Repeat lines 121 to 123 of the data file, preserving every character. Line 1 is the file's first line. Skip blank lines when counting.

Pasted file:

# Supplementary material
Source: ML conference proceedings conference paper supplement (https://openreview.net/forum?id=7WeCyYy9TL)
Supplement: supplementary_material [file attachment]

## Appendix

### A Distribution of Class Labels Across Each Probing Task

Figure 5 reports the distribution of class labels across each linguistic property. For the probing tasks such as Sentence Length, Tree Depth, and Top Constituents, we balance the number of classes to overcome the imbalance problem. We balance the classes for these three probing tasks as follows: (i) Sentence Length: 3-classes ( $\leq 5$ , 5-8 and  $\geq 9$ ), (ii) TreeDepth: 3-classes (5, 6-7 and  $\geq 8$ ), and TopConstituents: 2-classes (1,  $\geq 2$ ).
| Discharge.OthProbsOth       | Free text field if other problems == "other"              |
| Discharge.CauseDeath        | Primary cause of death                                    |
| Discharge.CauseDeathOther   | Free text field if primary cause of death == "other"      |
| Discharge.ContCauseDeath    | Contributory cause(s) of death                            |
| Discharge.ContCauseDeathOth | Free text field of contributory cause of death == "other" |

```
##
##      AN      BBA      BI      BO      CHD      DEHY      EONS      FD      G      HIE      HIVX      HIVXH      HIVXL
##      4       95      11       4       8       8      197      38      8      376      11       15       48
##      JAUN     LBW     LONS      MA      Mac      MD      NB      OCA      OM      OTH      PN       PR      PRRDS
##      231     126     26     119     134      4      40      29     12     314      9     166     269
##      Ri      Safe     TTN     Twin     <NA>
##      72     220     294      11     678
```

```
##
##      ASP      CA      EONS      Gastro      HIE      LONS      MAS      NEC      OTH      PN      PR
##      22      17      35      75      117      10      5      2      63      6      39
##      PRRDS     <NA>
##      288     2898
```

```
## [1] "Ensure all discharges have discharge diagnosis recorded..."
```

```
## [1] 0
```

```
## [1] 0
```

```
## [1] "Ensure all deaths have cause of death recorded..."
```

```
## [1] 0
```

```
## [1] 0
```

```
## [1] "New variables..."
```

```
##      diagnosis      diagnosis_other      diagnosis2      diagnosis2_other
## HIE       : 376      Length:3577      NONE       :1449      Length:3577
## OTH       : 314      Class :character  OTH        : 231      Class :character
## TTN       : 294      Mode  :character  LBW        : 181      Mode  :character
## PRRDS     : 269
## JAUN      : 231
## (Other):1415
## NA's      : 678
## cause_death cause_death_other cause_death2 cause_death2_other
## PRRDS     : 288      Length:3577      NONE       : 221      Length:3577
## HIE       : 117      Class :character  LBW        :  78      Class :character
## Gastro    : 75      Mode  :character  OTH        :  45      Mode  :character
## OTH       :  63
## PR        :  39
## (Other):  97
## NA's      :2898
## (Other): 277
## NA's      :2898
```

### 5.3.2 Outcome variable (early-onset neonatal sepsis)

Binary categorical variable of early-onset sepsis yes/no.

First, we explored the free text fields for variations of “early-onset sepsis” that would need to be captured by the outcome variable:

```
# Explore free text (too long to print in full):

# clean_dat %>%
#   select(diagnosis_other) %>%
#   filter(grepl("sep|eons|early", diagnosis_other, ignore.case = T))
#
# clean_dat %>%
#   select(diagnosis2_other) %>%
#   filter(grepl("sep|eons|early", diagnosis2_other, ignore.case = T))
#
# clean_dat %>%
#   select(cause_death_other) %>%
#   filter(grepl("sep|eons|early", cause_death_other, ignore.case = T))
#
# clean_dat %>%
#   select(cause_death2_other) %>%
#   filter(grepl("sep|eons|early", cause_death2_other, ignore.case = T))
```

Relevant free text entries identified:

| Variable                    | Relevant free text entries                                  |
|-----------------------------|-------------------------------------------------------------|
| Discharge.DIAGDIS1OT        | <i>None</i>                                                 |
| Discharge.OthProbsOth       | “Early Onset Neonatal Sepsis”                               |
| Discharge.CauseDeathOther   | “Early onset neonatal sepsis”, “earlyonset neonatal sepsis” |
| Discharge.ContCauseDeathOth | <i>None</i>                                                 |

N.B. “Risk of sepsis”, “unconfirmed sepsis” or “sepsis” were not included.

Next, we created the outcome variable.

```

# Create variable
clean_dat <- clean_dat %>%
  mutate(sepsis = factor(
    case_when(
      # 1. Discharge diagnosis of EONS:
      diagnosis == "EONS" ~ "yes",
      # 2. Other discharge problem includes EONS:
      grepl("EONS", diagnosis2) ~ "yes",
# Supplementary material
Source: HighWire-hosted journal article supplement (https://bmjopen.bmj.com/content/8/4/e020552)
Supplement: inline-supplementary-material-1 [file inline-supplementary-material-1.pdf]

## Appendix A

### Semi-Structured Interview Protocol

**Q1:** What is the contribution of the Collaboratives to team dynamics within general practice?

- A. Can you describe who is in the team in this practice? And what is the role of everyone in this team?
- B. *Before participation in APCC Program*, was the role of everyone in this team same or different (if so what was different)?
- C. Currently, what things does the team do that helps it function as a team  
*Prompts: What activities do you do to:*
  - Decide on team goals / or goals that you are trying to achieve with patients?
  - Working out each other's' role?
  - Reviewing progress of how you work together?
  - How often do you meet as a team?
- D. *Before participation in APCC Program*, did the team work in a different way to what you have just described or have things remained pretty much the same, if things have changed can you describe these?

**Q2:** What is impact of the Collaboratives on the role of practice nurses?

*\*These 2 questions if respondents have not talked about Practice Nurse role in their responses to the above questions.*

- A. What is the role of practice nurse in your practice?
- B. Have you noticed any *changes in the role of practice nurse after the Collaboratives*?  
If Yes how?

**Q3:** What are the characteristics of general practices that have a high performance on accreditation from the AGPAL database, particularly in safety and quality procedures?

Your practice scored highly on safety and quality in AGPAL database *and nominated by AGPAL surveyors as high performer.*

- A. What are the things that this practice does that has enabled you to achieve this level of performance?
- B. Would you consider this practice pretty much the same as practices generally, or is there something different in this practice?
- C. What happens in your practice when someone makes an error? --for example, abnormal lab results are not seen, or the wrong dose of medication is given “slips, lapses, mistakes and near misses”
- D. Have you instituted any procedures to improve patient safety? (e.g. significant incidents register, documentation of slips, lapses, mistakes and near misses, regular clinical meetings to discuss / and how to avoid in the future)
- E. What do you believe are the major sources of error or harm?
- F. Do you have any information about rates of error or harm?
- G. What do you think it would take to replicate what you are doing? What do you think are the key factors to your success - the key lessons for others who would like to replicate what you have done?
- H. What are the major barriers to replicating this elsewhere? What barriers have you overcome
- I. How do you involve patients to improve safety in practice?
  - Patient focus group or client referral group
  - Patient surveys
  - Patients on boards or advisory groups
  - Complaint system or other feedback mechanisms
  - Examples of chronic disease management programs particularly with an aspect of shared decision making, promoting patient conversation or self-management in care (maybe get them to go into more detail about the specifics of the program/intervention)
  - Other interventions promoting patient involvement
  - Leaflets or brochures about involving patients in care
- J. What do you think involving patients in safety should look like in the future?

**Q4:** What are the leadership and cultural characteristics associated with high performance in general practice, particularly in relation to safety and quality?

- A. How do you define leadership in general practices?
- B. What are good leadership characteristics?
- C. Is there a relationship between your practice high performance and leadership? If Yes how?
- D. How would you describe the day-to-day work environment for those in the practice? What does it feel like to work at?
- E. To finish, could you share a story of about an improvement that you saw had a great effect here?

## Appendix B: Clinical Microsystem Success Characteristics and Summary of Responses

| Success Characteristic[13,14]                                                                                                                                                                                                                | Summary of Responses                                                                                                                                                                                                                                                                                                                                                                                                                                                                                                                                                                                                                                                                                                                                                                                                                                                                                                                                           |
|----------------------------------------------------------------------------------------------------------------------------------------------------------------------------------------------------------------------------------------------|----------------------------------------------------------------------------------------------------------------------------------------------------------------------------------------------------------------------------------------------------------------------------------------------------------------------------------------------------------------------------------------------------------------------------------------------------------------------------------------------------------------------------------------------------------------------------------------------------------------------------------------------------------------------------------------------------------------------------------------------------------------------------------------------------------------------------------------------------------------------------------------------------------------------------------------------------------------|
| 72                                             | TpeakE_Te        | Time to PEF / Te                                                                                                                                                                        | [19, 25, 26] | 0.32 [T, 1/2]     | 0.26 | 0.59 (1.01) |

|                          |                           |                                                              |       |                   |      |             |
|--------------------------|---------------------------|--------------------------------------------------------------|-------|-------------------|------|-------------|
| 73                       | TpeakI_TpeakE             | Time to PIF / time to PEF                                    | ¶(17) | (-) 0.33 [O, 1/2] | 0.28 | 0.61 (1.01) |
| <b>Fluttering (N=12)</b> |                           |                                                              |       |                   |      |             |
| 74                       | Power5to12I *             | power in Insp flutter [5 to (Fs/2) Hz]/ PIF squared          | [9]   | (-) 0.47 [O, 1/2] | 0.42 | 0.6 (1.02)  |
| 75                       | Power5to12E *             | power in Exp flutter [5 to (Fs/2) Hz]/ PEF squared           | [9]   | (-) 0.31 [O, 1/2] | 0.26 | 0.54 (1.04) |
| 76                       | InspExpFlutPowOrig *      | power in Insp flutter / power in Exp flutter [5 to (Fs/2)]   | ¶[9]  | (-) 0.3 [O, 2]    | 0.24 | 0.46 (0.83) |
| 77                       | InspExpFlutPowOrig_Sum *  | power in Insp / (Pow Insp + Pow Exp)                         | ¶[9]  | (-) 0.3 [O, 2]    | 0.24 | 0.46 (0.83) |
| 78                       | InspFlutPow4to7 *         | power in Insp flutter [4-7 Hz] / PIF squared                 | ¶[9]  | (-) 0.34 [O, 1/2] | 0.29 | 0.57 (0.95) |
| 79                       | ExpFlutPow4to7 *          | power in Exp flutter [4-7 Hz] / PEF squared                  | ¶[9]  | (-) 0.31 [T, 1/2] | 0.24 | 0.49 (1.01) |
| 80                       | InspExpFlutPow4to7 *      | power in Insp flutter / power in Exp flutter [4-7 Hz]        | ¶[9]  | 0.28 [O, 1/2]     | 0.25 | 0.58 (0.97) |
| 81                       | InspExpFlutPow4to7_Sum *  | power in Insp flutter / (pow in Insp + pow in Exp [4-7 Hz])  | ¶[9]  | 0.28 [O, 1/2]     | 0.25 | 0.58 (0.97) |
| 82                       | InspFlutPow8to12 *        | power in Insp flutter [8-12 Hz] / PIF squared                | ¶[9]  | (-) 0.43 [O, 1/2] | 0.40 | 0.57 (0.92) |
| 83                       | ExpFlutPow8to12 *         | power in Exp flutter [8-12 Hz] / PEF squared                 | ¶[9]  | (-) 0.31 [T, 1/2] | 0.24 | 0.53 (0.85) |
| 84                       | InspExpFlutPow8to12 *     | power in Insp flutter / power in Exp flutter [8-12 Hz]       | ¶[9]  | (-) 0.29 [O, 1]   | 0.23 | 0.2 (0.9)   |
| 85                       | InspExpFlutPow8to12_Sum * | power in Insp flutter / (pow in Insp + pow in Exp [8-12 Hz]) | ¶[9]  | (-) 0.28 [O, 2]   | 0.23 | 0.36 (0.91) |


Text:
  - How often do you meet as a team?
- D. *Before participation in APCC Program*, did the team work in a different way to what you have just described or have things remained pretty much the same, if things have changed can you describe these?

**Q2:** What is impact of the Collaboratives on the role of practice nurses?